The power of art in general has a noticeable influence on the appearance of neologisms. And the extent of this power is sometimes extremely difficult to determine. On the screens of Russian TV, two series were shown almost simultaneously – about the Bulgarian prophetess Vanga and the domestic predictor Wolf Messing. Either one series was longer, or the cast in the film about Vanga was stronger, but almost immediately after the end of the show, philologists recorded the appearance and active use of the verb “wang”, that is, guess, predict. For some reason, a similar neologism using the surname Messing did not appear … But horosceptics appeared in English almost at the same time, i.e. people who do not believe in horoscopes and predictions.

NAMED AFTER MEGAN MARKLE

Film characters, perhaps, have become the main champions in the formation of funny neologisms in various countries of the world. Last year in the US, the funniest such word was bridezilla (from bride – the bride and Godzilla). This word is called a capricious bride, who, preparing for the wedding, terrorizes relatives and organizers of the celebration with her nit-picking.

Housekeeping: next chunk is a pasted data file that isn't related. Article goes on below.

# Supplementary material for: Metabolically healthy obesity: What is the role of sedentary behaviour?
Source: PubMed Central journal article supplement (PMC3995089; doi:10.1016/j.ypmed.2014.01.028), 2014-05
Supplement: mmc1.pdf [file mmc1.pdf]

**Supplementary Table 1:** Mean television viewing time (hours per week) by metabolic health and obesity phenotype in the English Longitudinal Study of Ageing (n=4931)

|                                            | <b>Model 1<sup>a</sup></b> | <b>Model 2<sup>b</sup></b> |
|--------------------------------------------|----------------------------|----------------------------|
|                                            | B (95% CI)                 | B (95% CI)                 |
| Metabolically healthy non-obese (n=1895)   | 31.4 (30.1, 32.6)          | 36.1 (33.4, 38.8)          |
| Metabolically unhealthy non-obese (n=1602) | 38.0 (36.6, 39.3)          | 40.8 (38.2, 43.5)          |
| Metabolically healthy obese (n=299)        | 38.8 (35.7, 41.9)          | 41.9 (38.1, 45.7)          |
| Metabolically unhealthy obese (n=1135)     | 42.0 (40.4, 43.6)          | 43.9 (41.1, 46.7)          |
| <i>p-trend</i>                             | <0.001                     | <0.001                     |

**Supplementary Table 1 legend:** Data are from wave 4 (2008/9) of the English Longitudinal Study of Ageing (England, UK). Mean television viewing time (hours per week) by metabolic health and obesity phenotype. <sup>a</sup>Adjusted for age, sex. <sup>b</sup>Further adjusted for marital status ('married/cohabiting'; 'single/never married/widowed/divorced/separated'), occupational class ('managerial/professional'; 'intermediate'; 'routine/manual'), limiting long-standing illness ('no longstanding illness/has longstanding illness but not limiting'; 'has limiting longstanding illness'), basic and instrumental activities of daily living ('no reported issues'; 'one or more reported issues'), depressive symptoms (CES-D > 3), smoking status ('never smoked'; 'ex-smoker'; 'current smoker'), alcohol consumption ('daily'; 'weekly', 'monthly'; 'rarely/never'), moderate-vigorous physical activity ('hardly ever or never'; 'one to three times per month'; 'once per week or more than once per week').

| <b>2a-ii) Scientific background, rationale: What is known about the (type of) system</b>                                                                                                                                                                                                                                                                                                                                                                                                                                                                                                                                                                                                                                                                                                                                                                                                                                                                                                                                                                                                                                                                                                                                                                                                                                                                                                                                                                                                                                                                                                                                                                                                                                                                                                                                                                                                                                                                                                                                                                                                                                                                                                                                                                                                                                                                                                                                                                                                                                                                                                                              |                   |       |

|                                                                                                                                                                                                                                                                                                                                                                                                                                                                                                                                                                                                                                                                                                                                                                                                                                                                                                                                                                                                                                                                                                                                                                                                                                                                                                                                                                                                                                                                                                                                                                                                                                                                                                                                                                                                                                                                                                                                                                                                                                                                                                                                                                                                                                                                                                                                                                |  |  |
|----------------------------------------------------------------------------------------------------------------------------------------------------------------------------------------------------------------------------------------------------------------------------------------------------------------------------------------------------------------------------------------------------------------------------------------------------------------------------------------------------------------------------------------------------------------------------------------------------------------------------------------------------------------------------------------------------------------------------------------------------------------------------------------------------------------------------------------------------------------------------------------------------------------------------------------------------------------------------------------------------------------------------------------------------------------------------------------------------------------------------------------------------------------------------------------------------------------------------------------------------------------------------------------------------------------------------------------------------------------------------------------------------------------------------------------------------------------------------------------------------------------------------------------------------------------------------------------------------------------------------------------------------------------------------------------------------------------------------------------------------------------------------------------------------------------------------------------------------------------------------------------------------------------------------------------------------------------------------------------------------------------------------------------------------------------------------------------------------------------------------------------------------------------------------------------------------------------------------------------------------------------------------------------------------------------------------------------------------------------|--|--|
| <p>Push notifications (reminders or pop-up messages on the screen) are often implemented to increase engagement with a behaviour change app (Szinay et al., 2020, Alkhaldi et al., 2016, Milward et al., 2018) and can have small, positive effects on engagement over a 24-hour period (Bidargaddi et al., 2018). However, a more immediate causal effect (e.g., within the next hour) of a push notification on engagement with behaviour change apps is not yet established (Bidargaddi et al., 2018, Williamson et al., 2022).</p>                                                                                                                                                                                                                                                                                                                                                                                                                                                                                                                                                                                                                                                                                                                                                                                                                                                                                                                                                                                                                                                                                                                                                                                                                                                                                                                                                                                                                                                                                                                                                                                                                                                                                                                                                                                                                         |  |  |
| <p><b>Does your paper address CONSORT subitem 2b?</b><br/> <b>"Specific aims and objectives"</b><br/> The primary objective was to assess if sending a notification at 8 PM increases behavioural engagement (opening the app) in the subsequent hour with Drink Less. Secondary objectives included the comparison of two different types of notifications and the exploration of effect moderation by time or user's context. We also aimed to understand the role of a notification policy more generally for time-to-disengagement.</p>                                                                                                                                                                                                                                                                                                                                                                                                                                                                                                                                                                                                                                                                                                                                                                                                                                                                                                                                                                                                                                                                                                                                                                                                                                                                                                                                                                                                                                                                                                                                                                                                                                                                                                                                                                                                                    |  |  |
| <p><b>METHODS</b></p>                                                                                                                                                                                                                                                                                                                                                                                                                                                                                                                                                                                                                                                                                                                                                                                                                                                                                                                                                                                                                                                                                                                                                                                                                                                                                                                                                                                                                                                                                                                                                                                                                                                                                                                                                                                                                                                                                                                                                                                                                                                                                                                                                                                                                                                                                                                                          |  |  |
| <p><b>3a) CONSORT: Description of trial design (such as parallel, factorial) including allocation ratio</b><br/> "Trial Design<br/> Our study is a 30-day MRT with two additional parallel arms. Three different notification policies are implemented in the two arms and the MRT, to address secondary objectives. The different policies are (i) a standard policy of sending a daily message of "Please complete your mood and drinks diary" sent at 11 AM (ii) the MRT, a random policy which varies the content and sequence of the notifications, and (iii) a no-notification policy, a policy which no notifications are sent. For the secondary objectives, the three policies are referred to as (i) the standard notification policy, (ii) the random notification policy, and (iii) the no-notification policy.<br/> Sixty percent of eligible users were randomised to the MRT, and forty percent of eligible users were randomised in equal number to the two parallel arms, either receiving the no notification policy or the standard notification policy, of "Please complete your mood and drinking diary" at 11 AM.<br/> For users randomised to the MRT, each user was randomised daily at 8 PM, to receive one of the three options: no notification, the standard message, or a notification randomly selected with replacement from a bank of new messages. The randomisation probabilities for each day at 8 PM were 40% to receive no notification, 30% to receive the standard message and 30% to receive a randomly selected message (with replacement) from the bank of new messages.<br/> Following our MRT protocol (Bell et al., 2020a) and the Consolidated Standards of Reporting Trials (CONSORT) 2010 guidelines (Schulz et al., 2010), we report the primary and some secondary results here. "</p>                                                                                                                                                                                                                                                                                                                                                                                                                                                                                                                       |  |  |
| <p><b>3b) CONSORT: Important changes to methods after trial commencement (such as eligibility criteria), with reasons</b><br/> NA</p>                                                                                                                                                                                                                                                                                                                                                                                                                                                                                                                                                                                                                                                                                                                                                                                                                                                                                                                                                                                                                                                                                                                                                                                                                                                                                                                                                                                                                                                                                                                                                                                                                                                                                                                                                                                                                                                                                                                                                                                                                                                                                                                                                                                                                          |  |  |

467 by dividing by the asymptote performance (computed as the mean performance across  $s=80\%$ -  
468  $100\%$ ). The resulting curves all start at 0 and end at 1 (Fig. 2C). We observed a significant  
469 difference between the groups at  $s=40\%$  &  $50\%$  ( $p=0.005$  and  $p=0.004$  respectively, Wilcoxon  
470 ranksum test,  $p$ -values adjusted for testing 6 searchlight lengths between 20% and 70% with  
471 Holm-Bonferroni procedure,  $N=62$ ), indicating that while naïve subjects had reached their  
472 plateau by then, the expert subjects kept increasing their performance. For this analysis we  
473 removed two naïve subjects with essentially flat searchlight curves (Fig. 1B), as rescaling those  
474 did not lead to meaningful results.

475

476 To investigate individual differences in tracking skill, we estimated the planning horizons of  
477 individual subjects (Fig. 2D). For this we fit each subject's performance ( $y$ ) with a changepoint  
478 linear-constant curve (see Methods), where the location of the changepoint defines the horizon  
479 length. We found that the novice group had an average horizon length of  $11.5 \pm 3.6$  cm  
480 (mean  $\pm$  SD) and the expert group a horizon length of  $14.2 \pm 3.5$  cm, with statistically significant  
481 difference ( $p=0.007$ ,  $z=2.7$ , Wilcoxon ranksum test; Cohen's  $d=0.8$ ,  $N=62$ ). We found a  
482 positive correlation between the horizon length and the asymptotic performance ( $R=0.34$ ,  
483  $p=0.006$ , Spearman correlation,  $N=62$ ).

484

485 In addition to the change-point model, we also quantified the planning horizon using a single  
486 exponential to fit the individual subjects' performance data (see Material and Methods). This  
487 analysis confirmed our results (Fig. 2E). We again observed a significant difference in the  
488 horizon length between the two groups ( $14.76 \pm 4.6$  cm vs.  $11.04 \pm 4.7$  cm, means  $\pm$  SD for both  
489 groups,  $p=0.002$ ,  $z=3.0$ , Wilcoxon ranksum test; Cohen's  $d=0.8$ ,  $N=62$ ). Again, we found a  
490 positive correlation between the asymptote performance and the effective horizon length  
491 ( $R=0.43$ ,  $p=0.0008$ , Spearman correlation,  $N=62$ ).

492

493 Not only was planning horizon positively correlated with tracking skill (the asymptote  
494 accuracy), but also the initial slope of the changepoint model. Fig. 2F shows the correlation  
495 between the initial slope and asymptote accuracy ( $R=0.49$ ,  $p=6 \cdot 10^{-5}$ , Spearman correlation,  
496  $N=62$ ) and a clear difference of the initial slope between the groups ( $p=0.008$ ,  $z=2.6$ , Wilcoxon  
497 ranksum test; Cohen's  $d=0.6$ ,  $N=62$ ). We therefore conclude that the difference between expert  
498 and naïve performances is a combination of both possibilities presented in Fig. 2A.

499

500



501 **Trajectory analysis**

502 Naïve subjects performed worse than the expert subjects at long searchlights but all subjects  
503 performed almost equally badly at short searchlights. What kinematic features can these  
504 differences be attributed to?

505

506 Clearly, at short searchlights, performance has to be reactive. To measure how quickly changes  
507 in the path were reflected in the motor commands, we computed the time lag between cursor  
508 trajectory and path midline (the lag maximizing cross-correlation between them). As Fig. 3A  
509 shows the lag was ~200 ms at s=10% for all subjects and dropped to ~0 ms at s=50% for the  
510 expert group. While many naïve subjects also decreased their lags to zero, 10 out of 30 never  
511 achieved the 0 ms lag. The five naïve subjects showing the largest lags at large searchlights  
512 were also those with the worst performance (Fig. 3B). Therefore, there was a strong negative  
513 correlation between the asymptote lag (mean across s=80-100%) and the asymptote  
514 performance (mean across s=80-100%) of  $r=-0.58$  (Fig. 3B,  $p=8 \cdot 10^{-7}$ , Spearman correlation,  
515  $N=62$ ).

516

The roles played in the movie by Meghan Markle, the wife of the disgraced British Prince Harry, no one remembers. The Duchess of Sussex, who longed for world fame, nevertheless achieved it, and in a completely unexpected way – in Canada, Britain and the USA, even respected journalists use the very unexpected verb to Meghan Markle with might and main, which can be translated into Russian as “meganmarkle”, i.e. remove from your environment people with whom communication does not bring any benefit.

No one remembers the roles played in the movie by Meghan Markle, the wife of the disgraced British Prince Harry, but the Duchess of Sussex, who longed for world fame, nevertheless achieved it.

No one remembers the roles played in the movie by Meghan Markle, the wife of the disgraced British Prince Harry, but the Duchess of Sussex, who longed for world fame, nevertheless achieved it.

A photo: REUTERS